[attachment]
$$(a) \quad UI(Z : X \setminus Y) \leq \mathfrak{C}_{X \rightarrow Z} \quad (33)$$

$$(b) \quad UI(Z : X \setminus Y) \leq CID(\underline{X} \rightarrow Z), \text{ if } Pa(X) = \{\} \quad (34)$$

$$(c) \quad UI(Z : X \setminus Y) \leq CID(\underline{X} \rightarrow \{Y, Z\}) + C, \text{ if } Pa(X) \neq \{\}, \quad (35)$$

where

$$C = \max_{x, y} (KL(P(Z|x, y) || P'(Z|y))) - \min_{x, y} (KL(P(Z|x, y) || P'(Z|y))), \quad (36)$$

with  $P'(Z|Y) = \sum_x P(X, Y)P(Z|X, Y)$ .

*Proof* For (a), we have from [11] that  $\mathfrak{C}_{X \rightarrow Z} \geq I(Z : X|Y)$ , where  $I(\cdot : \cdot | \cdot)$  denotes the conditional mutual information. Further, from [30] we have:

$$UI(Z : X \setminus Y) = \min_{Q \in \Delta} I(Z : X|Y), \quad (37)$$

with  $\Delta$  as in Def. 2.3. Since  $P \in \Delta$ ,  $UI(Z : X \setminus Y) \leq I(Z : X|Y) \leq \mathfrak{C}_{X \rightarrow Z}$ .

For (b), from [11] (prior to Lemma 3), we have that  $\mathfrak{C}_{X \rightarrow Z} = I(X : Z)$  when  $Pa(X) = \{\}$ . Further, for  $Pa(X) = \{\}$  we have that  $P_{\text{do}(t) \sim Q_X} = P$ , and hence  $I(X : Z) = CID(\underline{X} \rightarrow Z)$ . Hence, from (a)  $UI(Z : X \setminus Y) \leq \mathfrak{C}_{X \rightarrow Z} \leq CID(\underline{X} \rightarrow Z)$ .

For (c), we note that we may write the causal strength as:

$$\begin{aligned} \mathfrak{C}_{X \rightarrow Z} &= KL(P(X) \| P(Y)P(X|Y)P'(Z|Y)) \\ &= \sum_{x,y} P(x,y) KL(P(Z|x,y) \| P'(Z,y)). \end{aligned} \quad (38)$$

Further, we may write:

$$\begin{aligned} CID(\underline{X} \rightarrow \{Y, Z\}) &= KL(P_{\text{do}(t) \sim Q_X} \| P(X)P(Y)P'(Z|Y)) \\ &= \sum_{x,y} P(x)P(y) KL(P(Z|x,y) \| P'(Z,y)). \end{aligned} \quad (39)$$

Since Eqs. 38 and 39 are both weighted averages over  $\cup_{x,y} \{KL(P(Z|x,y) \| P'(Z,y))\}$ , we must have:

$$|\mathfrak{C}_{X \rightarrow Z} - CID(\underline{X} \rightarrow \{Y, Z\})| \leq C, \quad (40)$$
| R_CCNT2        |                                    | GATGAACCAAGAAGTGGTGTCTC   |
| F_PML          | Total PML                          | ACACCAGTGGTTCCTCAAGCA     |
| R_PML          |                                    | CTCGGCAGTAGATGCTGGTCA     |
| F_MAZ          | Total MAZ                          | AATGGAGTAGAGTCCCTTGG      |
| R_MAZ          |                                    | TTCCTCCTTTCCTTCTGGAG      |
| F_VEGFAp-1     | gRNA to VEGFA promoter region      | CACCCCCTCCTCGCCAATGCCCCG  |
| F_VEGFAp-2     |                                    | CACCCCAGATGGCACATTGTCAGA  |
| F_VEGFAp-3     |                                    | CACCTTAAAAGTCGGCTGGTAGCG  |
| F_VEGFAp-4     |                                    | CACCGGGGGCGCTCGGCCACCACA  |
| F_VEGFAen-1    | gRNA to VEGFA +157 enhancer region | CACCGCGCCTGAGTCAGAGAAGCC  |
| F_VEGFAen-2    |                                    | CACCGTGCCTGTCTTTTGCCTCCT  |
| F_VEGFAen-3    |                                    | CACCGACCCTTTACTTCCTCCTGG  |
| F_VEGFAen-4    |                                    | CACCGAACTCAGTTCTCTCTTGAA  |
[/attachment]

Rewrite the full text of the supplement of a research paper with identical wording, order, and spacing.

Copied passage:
$$(a) \quad UI(Z : X \setminus Y) \leq \mathfrak{C}_{X \rightarrow Z} \quad (33)$$

$$(b) \quad UI(Z : X \setminus Y) \leq CID(\underline{X} \rightarrow Z), \text{ if } Pa(X) = \{\} \quad (34)$$

$$(c) \quad UI(Z : X \setminus Y) \leq CID(\underline{X} \rightarrow \{Y, Z\}) + C, \text{ if } Pa(X) \neq \{\}, \quad (35)$$

where

$$C = \max_{x, y} (KL(P(Z|x, y) || P'(Z|y))) - \min_{x, y} (KL(P(Z|x, y) || P'(Z|y))), \quad (36)$$

with  $P'(Z|Y) = \sum_x P(X, Y)P(Z|X, Y)$ .

*Proof* For (a), we have from [11] that  $\mathfrak{C}_{X \rightarrow Z} \geq I(Z : X|Y)$ , where  $I(\cdot : \cdot | \cdot)$  denotes the conditional mutual information. Further, from [30] we have:

$$UI(Z : X \setminus Y) = \min_{Q \in \Delta} I(Z : X|Y), \quad (37)$$

with  $\Delta$  as in Def. 2.3. Since  $P \in \Delta$ ,  $UI(Z : X \setminus Y) \leq I(Z : X|Y) \leq \mathfrak{C}_{X \rightarrow Z}$ .

For (b), from [11] (prior to Lemma 3), we have that  $\mathfrak{C}_{X \rightarrow Z} = I(X : Z)$  when  $Pa(X) = \{\}$ . Further, for  $Pa(X) = \{\}$  we have that  $P_{\text{do}(t) \sim Q_X} = P$ , and hence  $I(X : Z) = CID(\underline{X} \rightarrow Z)$ . Hence, from (a)  $UI(Z : X \setminus Y) \leq \mathfrak{C}_{X \rightarrow Z} \leq CID(\underline{X} \rightarrow Z)$ .

For (c), we note that we may write the causal strength as:

$$\begin{aligned} \mathfrak{C}_{X \rightarrow Z} &= KL(P(X) \| P(Y)P(X|Y)P'(Z|Y)) \\ &= \sum_{x,y} P(x,y) KL(P(Z|x,y) \| P'(Z,y)). \end{aligned} \quad (38)$$

Further, we may write:

$$\begin{aligned} CID(\underline{X} \rightarrow \{Y, Z\}) &= KL(P_{\text{do}(t) \sim Q_X} \| P(X)P(Y)P'(Z|Y)) \\ &= \sum_{x,y} P(x)P(y) KL(P(Z|x,y) \| P'(Z,y)). \end{aligned} \quad (39)$$

Since Eqs. 38 and 39 are both weighted averages over  $\cup_{x,y} \{KL(P(Z|x,y) \| P'(Z,y))\}$ , we must have:

$$|\mathfrak{C}_{X \rightarrow Z} - CID(\underline{X} \rightarrow \{Y, Z\})| \leq C, \quad (40)$$
| R_CCNT2        |                                    | GATGAACCAAGAAGTGGTGTCTC   |
| F_PML          | Total PML                          | ACACCAGTGGTTCCTCAAGCA     |
| R_PML          |                                    | CTCGGCAGTAGATGCTGGTCA     |
| F_MAZ          | Total MAZ                          | AATGGAGTAGAGTCCCTTGG      |
| R_MAZ          |                                    | TTCCTCCTTTCCTTCTGGAG      |
| F_VEGFAp-1     | gRNA to VEGFA promoter region      | CACCCCCTCCTCGCCAATGCCCCG  |
| F_VEGFAp-2     |                                    | CACCCCAGATGGCACATTGTCAGA  |
| F_VEGFAp-3     |                                    | CACCTTAAAAGTCGGCTGGTAGCG  |
| F_VEGFAp-4     |                                    | CACCGGGGGCGCTCGGCCACCACA  |
| F_VEGFAen-1    | gRNA to VEGFA +157 enhancer region | CACCGCGCCTGAGTCAGAGAAGCC  |
| F_VEGFAen-2    |                                    | CACCGTGCCTGTCTTTTGCCTCCT  |
| F_VEGFAen-3    |                                    | CACCGACCCTTTACTTCCTCCTGG  |
| F_VEGFAen-4    |                                    | CACCGAACTCAGTTCTCTCTTGAA  |